"The learning centre is the exciting part," said Hougen. "We hope to be able to have the first class in about two weeks. There will be art classes here. Perhaps clay, photography, even a photo studio."
While the city does have arts teaching available through the schools, until now, Whitehorse lacked a permanent facility aimed specifically at art education.
There's no public art education space in the city that everyone can use," said Chris Dray of the Yukon Arts Centre. Dray spearheaded this initiative to bring the arts space to the downtown area.
"Most arts development has happened outside the downtown," said Dray. "After 30 years, we've finally arrived on Main Street."
The 5,000-square-foot facility took two months to prepare. As the preparations came down to the wire, the society began to panic when the lights did not arrive in time. To make sure the opening would happen, other arts facilities in the region lent out their lighting.
"The Klondike Gallery sent down, (last Thursday) morning on the plane, their lights for us to use," said Dray.
The goal of the Artspace North Society is to put a cultural space on every block on Main Street and along the waterfront within the next five years.
Said Dray: "There are not many open cultural spaces, and yet culture is one of the largest economic drivers. Culture and business need to go together for economic development."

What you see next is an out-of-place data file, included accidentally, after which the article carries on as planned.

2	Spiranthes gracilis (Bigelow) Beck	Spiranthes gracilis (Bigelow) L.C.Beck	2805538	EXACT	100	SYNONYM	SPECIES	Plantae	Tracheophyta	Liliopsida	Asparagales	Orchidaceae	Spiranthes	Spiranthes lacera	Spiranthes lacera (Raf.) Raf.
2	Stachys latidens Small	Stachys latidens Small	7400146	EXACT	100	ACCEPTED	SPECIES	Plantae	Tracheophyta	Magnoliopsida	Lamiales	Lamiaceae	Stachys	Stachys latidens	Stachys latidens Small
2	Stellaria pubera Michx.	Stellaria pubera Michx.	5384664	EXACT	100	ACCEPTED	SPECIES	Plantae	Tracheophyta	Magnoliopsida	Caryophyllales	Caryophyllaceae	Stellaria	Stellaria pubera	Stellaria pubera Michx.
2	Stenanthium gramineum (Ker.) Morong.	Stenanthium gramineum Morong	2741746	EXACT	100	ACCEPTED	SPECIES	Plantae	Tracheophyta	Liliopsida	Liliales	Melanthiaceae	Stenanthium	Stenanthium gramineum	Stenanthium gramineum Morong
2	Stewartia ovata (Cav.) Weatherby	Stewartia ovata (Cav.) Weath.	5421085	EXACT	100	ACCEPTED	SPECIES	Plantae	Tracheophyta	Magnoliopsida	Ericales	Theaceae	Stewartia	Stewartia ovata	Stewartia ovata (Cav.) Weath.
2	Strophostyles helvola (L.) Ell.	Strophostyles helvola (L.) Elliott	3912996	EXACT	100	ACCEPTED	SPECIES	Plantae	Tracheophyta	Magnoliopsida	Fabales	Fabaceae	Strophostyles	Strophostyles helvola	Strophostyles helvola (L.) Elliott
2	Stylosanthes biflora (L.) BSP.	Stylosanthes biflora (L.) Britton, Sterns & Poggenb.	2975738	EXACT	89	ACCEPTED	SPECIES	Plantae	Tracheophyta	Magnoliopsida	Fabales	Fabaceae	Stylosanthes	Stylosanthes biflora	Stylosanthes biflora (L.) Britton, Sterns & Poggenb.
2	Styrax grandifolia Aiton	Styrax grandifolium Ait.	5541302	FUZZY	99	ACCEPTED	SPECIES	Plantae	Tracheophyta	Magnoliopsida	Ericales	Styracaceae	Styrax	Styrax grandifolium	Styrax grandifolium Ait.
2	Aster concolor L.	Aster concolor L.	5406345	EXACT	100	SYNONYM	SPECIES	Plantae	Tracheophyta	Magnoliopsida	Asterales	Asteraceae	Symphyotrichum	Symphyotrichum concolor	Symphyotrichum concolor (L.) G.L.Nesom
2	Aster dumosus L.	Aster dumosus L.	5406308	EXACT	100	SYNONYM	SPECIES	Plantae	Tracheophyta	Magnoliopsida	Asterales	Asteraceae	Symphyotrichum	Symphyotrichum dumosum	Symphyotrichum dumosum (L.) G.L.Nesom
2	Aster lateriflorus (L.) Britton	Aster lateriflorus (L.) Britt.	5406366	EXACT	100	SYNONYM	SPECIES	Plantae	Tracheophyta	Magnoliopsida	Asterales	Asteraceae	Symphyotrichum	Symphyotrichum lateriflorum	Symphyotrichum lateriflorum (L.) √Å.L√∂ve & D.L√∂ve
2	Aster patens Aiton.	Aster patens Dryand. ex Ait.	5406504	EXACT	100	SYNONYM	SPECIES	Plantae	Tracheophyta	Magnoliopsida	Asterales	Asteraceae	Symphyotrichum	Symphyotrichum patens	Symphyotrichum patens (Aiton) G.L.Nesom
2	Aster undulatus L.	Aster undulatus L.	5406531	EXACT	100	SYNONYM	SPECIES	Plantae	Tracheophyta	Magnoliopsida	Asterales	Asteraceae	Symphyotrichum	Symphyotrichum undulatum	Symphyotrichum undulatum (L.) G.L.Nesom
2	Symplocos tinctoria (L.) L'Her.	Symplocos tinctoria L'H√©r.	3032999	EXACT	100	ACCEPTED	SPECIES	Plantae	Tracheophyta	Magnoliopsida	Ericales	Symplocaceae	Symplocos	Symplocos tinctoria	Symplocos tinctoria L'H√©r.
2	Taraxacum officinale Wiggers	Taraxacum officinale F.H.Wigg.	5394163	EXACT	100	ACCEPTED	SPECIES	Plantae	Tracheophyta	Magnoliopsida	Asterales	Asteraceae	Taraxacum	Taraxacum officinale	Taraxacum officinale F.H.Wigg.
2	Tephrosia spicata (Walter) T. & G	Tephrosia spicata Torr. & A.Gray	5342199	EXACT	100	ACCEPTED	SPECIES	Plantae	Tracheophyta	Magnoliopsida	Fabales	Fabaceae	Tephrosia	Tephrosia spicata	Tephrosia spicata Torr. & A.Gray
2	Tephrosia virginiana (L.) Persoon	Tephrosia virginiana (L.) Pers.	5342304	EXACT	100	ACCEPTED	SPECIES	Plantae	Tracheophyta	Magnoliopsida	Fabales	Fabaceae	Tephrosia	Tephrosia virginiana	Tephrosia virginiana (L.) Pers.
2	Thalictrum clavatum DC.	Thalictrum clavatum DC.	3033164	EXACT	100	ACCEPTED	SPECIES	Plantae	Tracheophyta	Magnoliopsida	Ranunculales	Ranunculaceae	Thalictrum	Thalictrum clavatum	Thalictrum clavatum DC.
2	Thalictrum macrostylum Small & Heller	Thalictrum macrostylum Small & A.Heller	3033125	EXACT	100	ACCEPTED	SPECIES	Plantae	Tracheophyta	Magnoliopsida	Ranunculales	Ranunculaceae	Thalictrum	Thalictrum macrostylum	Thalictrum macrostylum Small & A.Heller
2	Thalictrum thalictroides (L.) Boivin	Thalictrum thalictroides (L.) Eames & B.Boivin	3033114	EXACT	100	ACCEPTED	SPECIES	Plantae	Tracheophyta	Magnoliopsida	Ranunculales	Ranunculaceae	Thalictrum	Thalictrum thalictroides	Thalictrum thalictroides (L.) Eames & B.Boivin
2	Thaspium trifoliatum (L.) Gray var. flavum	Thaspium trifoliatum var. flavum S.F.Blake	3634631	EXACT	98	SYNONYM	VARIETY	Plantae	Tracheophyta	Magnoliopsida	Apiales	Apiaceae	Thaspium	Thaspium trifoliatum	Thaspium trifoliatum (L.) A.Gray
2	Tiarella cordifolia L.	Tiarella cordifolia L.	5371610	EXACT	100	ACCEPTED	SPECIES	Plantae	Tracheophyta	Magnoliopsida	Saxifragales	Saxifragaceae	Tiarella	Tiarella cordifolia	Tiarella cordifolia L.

Marlene Collins of the Yukon Art Society was thrilled by the turnout at the opening.
"We need a lot of space, and with this, we can display a greater range of art," said Collins. "We run workshops both for recreation and professional development, and this will help us with our mandate to foster arts in the north."
Meshelle Melvin, one of the artists with work on display at the opening, was excited about the project and glad to see it had so much support.
"I'm particulary excited about the teaching space," said Melvin. "It'll feature lots of mixed media. Figure drawing, printmaking, silkscreens of an emotional expressionist nature."
Dray stressed the notion that our economy is driven by creativity, and bringing cultural activity to the downtown sector will revitalize business.
"We need to use culture to increase economic activity downtown," said Dray. "With this facility, we're off to a good start."